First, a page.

Department of English

Drake Gossi


University of Texas at Austin

Drake Gossi

Contact

Courses


RHE 309K • Rhetoric Of The Job Search

43900 • Fall 2021
Meets MW 4:00PM-5:30PM PAR 104
Wr

Getting a job these days is tough. First, you must decide on what jobs to apply to, and where. Then comes the process of creating various application materials,followed by adapting them to each individual job site’s unique specifications. As if all that wasn’t difficult enough, you must do your best to imagine not only what questions the hiring manager will ask, but also how to respond to them. Should you be modest? Funny? Honest? What if they ask you whether you have experience in something that you don’t have experience in? Worse still, even if the interview goes well, yourfuture boss will inevitably Google you, and who knows what a “deep search” of your name will turn up.

As the cliché goes, getting a job is a full-time job in itself. But the process shouldn’t have to be stressful. In fact, this course aims to reduce job-seeking anxiety by offering you three opportunities, namely,

  • To conceptualize the job search (what's involved on their end and the employer's end? what's the
  • rhetorical moves and their rationale?)
  • To understand the genres involved and how they relate (what do I have to read or write?)
  • To form a supportive community around looking for jobs

 

Assignments and Grading

  • Identify and understand relationships among the genres involved: job ad, resume, LinkedIn/Indeed,
  • Glassdoor, letter of application, letter of recommendation,job interview, etc. (15%)
  • Talk to a Career Coach (10%)
  • Identify a candidate job ad or cluster of them; learnhow to read these and identify themes (15%)
  • Craft resume and letter of application (15%)
  • Role-play a job interview (15%)
  • Reading responses (10%)
  • Final paper (20%)

 

Texts

Becoming Rhetorical: Analyzing and Composing in a Multimedia World, by Jodie Nicotra, 1st Edition

RHE 309K • Rhetoric Of The Job Search-Wb

43615 • Spring 2021
Meets TTH 5:00PM-6:30PM
Internet; Synchronous
Wr

Getting a job these days is tough. First, you must decide on what jobs to apply to, and where. Then comes the process of creating various application materials, followed by adapting them to each individual job site’s unique specifications. As if all that wasn’t difficult enough, you must do your best to imagine not only what questions the hiring manager will ask, but also how to respond to them. Should you be modest? Funny? Honest? What if they ask you whether you have experience in something that you don’t have experience in? Worse still, even if the interview goes well, your future boss will inevitably Google you, and who knows what a “deep search” of your name will turn up.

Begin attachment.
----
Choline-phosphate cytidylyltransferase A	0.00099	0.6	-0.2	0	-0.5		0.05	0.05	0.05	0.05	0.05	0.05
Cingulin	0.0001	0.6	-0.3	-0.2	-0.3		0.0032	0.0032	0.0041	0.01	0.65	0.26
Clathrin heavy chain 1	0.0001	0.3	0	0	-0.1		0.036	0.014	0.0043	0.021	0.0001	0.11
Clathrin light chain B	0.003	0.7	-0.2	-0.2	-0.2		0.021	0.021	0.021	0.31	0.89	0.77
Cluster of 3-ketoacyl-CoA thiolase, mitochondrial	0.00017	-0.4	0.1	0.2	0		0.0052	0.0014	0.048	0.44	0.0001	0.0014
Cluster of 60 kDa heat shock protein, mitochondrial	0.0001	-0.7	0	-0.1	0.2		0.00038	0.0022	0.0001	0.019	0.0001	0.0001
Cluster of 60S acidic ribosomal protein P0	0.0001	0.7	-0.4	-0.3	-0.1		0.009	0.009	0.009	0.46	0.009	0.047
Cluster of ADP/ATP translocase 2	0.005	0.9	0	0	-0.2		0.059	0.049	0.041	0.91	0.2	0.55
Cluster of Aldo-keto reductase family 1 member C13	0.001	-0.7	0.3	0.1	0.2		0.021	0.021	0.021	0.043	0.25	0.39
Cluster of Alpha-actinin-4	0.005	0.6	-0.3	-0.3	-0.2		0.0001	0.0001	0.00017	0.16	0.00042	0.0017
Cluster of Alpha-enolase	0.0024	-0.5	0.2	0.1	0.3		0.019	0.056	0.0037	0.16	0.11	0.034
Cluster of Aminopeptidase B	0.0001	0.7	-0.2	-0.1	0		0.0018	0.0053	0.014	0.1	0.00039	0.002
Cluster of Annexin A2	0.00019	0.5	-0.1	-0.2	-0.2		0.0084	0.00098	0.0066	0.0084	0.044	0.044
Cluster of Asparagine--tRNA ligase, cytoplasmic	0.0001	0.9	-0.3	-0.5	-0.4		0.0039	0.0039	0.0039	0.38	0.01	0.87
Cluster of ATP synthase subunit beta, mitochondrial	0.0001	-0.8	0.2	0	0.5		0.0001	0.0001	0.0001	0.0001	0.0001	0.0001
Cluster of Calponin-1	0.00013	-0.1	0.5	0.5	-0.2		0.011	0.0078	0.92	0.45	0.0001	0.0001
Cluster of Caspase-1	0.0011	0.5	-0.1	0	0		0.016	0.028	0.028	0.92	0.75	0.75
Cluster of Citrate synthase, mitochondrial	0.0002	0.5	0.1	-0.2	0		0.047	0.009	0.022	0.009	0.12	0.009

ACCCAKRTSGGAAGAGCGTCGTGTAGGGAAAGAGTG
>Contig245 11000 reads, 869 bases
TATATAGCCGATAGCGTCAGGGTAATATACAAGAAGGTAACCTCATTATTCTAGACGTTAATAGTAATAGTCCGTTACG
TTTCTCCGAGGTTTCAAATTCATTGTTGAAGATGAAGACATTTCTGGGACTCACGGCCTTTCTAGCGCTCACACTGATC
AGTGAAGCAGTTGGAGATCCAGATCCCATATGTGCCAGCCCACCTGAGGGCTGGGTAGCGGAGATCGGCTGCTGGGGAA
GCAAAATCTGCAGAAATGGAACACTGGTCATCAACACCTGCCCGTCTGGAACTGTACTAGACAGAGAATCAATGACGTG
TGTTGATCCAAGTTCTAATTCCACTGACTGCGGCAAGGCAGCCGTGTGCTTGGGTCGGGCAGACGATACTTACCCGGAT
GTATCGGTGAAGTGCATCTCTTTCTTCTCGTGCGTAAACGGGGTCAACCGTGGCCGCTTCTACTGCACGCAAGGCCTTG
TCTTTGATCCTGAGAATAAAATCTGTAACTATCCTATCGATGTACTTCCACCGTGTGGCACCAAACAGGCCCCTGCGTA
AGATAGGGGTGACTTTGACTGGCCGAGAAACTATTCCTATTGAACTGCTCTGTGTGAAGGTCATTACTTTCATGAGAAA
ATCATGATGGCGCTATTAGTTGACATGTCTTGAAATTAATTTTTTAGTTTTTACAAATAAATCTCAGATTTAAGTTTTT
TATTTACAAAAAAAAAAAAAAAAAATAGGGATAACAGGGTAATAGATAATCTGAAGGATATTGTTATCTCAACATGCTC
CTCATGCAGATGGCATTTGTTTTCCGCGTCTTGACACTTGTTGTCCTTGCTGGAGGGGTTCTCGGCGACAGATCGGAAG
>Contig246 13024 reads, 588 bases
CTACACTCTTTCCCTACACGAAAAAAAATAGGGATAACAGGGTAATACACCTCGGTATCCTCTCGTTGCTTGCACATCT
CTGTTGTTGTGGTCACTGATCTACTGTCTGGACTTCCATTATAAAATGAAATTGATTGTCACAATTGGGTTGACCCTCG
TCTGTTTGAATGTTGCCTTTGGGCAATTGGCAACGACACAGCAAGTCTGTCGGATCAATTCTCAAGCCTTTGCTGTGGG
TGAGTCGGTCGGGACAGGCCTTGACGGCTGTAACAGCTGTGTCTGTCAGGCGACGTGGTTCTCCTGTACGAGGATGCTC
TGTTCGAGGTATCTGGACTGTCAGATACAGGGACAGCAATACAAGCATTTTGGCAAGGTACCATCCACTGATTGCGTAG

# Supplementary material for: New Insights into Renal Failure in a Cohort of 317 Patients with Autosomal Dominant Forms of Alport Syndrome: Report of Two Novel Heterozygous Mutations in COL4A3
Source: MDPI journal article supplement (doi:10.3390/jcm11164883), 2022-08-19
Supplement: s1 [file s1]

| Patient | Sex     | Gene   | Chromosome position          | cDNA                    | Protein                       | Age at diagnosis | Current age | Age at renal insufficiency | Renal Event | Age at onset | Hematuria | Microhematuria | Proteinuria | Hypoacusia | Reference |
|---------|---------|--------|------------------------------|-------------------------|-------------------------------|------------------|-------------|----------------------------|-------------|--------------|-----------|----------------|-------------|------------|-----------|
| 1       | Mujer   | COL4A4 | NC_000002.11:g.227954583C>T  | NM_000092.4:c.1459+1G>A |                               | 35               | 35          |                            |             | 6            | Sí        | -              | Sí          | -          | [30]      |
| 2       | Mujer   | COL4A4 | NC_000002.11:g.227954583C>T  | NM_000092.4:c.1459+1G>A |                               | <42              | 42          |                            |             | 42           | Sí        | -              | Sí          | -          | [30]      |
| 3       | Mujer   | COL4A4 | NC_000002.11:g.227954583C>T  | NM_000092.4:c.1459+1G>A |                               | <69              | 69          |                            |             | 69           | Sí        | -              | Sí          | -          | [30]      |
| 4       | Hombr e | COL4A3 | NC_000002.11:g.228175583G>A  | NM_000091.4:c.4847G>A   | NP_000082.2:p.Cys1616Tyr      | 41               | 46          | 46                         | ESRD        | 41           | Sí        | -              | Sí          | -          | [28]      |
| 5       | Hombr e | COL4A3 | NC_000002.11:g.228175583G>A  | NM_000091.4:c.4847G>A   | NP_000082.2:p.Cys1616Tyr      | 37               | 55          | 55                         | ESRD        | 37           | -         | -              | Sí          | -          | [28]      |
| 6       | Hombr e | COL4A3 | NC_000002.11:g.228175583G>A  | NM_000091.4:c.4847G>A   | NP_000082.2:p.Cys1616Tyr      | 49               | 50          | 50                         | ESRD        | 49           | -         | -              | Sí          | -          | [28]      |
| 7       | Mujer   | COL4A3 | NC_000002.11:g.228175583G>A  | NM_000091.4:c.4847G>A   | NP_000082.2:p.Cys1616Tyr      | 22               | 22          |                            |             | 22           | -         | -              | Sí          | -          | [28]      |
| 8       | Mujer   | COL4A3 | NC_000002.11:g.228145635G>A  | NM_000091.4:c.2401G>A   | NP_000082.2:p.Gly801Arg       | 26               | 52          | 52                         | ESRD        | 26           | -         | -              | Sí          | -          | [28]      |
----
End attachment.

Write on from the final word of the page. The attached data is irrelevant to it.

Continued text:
As the cliché goes, getting a job is a full-time job in itself. But the process shouldn’t have to be stressful. In fact, this course aims to reduce job-seeking anxiety by offering you three opportunities. The first is to prepare job application materials for two different dream jobs, both of which will be in different industries. The second is to research how different industries interview applicants differently. The third is to populate the web with content that will make you look good when your future boss Google’s you.

 

Assignments

 

  • Resume portfolio (self-inventory, two different resumes, reflection, video resume, presentation of video resume) 25%
  • Job interview research (both primary and secondary research into how the interview process reflects the values of two different professions) 25%
  • Reputation management portfolio (Daily Texan op-ed, Amazon.com book review, Yelp review, etc., genre analysis) 25%
  • Revision 15%
  • Participation 10% (reading responses, peer reviews, in-class writing assignments, etc.)

 

Required Text

 

  • Becoming Rhetorical: Analyzing and Composing in a Multimedia World, by Jodie Nicotra, 1st Edition

 

RHE 309K • Rhetoric Of The Job Search-Wb

42255 • Fall 2020
Meets MWF 10:00AM-11:00AM
Internet; Synchronous
Wr

Getting a job these days is tough. First, you must decide on what jobs to apply to, and where. Then comes the process of creating various application materials, followed by adapting them to each individual job site’s unique specifications. As if all that wasn’t difficult enough, you must do your best to imagine not only what questions the hiring manager will ask, but also how to respond to them. Should you be modest? Funny? Honest? What if they ask you whether you have experience in something that you don’t have experience in? Worse still, even if the interview goes well, your future boss will inevitably Google you, and who knows what a “deep search” of your name will turn up.

As the cliché goes, getting a job is a full-time job in itself. But the process shouldn’t have to be stressful. In fact, this course aims to reduce job-seeking anxiety by offering you three opportunities. The first is to prepare job application materials for two different dream jobs, both of which will be in different industries. The second is to research how different industries interview applicants differently. The third is to populate the web with content that will make you look good when your future boss Google’s you.

Assignments

  • Resume portfolio (self-inventory, two different resumes, reflection, video resume, presentation of video resume) 25%
  • Job interview research (both primary and secondary research into how the interview process reflects the values of two different professions) 25%
  • Reputation management portfolio (Daily Texan op-ed, Amazon.com book review, Yelp review, etc., genre analysis) 25%
  • Revision 15%
  • Participation 10% (reading responses, peer reviews, in-class writing assignments, etc.)

Required Text

  • Becoming Rhetorical: Analyzing and Composing in a Multimedia World, by Jodie Nicotra, 1st Edition

Profile Pages